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[ GR No. 48073, Dec 03, 1941 ]



73 Phil. 495

[ G.R. No. 48073, December 03, 1941 ]




On March 8, 1937 the petitioner, as plaintiff in civil case No. 7017 of the Court of First Instance of Negros Occidental, obtained a judgment, which was affirmed by the Court of Appeals on August 31, 1939, against the respondent Agustin Jocson, for the foreclosure of a mortgage upon a parcel of land known as lot No. 2328 of the Kabankalan cadastral survey and described in transfer certificate of title No. 16387 of Negros Occidental. In due course an order was issued for the sale of the mortgaged property to satisfy the judgment obtained by the petitioner, but be- fore the sheriff could proceed with the sale, it was discovered that the land had been confiscated by the Government for non-payment of taxes. In view of this, the petitioner asked the sheriff to suspend the sale and filed a motion in court praying for the issuance of a writ of execution authorizing the levy upon any or all of the properties of the respondent Agustin Jocson. This motion was denied by the respondent Judge on the ground that no showing was made that the respondent Agustin Jocson had lost the right to repurchase the confiscated land or that the petitioner's mortgage was not protected by its inscription in the corresponding certificate of title. Failing to secure a reconsideration of such adverse ruling, the petitioner has filed this petition for a writ of mandamus that would compel the respondent Judge to direct the issuance of the desired writ of execution.

Under the foreclosure judgment and sections 257 and 260 of the Code of Civil Procedure (now sections 3 and 6, rule 70, of the Rules of Court), the petitioner is entitled, upon failure of the respondent Agustin Jocson to satisfy such judgment in due time, to have the mortgaged property sold and, in case the proceeds of the sale are not sufficient, to a deficiency judgment upon which execution may issue immediately. The parties are not authorized to change the procedure prescribed by law. (Diaz and Rubillos vs. Mendezona and De Poli, 43 Phil. 472.) The legal provisions above mentioned, however, contemplate a situation where the mortgage lien subsists. In the Case before us, the lien has been extinguished when the land was confiscated by the Government for tax delinquency. The tax lien was superior to the lien in favor of the judgment creditor and the presumption is that the confiscation of the land was legally effected.

It is true that the respondent Agustin Jocson might have had the right to repurchase the confiscated land, but it was not obligatory on the part of the petitioner to have said right sold by the sheriff, in place qf the mortgaged property itself. A mortgagee has the right to rely on the mortgaged property, undiminished and unimpaired by any superior lien or legal impediment brought about by the act or omission of the mortgagor. This pronouncement finds support in the case of De los Reyes vs. Court of First Instance of Batangas, 55 Phil. 408, wherein we held that in a mortgage foreclosure proceeding the court has jurisdiction to grant an attachment against the property of the debtor, to be levied upon property not covered by the mortgage, upon proper showing by affidavit that the value of the mortgaged property is insufficient to cover the debt and that the debtor has disposed, or is about to dispose, of his other property with intent to defraud the creditor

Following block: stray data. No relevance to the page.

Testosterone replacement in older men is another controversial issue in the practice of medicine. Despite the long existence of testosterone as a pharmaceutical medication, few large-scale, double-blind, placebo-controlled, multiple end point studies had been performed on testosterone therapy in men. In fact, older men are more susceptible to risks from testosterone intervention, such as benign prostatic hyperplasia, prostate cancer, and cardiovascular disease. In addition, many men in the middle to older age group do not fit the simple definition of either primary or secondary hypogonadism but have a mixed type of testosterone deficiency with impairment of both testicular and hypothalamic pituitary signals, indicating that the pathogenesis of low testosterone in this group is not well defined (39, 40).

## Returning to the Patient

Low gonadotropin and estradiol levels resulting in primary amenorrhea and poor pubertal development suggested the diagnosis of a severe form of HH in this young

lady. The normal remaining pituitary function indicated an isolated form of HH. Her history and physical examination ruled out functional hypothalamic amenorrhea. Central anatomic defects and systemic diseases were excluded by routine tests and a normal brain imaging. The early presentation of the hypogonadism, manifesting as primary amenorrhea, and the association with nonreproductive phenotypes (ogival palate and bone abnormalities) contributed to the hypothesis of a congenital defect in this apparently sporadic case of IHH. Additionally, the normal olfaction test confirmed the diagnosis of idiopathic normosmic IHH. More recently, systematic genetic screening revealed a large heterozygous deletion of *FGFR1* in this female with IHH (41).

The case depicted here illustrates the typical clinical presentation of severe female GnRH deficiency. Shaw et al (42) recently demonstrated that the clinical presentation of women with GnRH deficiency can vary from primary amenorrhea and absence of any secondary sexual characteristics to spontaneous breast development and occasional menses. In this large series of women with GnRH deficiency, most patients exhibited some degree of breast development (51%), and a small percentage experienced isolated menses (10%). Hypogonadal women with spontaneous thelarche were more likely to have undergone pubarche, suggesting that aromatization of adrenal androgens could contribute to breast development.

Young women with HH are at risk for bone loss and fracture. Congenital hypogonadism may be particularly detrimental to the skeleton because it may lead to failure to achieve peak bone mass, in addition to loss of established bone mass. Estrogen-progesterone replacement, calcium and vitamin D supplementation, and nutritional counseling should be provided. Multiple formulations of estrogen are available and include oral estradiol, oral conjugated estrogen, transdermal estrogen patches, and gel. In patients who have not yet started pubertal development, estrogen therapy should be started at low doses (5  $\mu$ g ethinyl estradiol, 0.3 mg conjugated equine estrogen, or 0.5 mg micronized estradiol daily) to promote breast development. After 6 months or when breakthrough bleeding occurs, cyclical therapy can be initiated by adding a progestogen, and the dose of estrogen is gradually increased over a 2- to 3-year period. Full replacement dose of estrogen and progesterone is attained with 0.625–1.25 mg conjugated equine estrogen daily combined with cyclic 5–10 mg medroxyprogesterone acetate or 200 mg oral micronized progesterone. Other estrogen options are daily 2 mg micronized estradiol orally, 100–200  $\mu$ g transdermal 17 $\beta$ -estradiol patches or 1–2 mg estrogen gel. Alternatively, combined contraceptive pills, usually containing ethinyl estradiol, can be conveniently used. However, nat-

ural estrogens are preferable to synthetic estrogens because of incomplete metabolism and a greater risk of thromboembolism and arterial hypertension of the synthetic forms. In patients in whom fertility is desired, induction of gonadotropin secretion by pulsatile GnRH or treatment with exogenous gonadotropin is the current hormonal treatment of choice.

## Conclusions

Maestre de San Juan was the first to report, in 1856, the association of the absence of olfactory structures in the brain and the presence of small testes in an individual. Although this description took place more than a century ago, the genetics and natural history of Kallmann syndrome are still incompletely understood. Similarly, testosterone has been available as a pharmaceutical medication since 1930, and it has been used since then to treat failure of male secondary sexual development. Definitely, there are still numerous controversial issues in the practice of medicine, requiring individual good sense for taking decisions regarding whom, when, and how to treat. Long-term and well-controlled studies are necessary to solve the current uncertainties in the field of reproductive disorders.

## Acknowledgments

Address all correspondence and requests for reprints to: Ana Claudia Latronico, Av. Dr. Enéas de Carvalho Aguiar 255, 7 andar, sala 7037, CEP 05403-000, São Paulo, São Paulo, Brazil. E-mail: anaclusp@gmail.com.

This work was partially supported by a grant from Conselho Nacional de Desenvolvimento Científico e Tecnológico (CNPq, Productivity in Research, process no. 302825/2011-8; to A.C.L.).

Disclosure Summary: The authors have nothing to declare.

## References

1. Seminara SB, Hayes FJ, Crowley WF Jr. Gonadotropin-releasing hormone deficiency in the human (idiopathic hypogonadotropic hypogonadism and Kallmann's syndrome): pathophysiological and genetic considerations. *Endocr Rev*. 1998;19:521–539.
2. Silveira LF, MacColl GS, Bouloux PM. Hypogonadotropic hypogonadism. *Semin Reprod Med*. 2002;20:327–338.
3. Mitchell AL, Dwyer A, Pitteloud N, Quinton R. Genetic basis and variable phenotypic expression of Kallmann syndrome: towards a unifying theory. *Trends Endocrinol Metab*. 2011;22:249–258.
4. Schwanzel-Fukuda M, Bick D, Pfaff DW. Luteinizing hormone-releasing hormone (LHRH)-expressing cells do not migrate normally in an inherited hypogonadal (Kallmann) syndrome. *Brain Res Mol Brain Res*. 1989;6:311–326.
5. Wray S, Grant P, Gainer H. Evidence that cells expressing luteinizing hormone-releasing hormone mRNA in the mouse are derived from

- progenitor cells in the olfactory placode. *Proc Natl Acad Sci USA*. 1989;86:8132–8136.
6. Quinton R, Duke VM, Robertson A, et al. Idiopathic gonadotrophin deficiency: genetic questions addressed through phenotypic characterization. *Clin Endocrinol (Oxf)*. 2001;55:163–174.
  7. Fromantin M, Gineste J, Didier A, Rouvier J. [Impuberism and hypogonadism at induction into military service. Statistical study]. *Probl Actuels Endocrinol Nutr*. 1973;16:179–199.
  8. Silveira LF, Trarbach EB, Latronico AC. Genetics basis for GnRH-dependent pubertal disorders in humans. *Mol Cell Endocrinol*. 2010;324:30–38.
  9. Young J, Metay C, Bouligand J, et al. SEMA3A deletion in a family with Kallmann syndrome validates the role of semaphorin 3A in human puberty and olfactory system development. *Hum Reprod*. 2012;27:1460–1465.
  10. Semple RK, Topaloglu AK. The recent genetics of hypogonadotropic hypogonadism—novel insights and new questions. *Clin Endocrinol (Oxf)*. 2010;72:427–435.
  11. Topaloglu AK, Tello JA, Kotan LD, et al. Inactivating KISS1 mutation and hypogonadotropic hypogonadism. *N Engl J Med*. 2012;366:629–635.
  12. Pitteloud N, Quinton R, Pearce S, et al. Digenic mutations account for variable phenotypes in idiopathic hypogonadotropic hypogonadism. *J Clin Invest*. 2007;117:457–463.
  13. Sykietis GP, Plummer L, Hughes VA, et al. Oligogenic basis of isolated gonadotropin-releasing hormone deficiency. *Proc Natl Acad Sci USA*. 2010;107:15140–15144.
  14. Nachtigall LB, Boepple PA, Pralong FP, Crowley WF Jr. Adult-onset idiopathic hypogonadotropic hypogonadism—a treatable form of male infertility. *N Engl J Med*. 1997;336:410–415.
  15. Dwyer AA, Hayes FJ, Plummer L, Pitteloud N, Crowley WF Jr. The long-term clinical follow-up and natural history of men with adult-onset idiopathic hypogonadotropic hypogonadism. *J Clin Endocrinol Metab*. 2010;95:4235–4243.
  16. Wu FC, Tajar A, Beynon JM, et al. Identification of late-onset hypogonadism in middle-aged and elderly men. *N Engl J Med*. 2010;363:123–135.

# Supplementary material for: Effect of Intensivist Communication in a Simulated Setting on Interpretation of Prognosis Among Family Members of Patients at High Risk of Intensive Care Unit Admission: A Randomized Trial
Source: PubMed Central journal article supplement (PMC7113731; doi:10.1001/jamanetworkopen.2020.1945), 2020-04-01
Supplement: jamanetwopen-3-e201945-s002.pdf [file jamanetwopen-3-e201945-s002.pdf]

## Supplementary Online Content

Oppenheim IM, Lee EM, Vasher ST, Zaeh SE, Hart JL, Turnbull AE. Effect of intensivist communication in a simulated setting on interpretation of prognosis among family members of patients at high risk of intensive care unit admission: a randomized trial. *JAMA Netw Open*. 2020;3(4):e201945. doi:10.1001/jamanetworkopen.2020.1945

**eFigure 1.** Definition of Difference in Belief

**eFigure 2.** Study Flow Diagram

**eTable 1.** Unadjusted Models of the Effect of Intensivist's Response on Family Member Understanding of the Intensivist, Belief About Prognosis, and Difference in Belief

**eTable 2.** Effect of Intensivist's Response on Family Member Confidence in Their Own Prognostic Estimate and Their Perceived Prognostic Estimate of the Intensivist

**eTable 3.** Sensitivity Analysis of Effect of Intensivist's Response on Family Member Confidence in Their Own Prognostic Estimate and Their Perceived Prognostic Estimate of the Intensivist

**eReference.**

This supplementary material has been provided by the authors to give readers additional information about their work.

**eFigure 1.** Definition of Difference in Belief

The respondent Agustin Jocson alleges in his amended answer that his ownership over the land in question is intact, subject only to the obligations for taxes due and payable, and that the delinquent taxes for which said property was confiscated have already been paid. Without deciding whether such allegations are true, we hold that the petitioner should not be burdened with the task of determining whether said land has in fact been subsequently released by the Government. Besides, the point is immaterial, since in the case of Montinola vs. Tuason and Locsin, 35 Phil. 113, the judgment creditor in a foreclosure proceeding was allowed to collect his judgment by an ordinary execution, and the mortgagor, or his successors in interest, to redeem the property sold thereunder. Again, in Hijos de I. de la Rama vs. Sajo, 45 Phil. 703, cited in Salomon and Lachica vs. Dantes, 63 Phil. 522, it was pointed out that "the rule is well established that the creditor may waive whatever security he has and maintain a personal action, in the absence of statutory provisions."

Practical considerations further support the granting of the writ of mandamus prayed for by the petitioner. His judgment has long become final and executory. Notwithstanding the apparent solvency of the respondent Agustin Jocson, he has failed to pay the petitioner's judgment. If it be true that respondent is still the absolute owner of the mortgaged property, nothing can prevent him from offering it to the sheriff as one of the properties leviable under an ordinary execution, and by simply being present at the sale, he may direct the order in which said properties shall be sold. (Section 457 of the Code of Civil Procedure, now section 19 of rule 39 of the Rules of Court.)

There being no question that the judgment in the foreclosure action has long become final and executory, the petitioner is entitled as of right to the execution of said judgment (section 1, rule 39, Rules of Court; Fiesta vs. Llorente, 25 Phil. 554; Lim vs. Singian and Soler, 37 Phil. 817), and it accordingly becomes the legal duty of the respondent Judge to direct the issuance of the writ of execution sought by the petitioner.

The petition for a writ of mandamus is granted, with costs against the respondent Agustin Jocson. So ordered.

Diaz, Moran, Horrilleno, and Ozaeta, JJ., concur.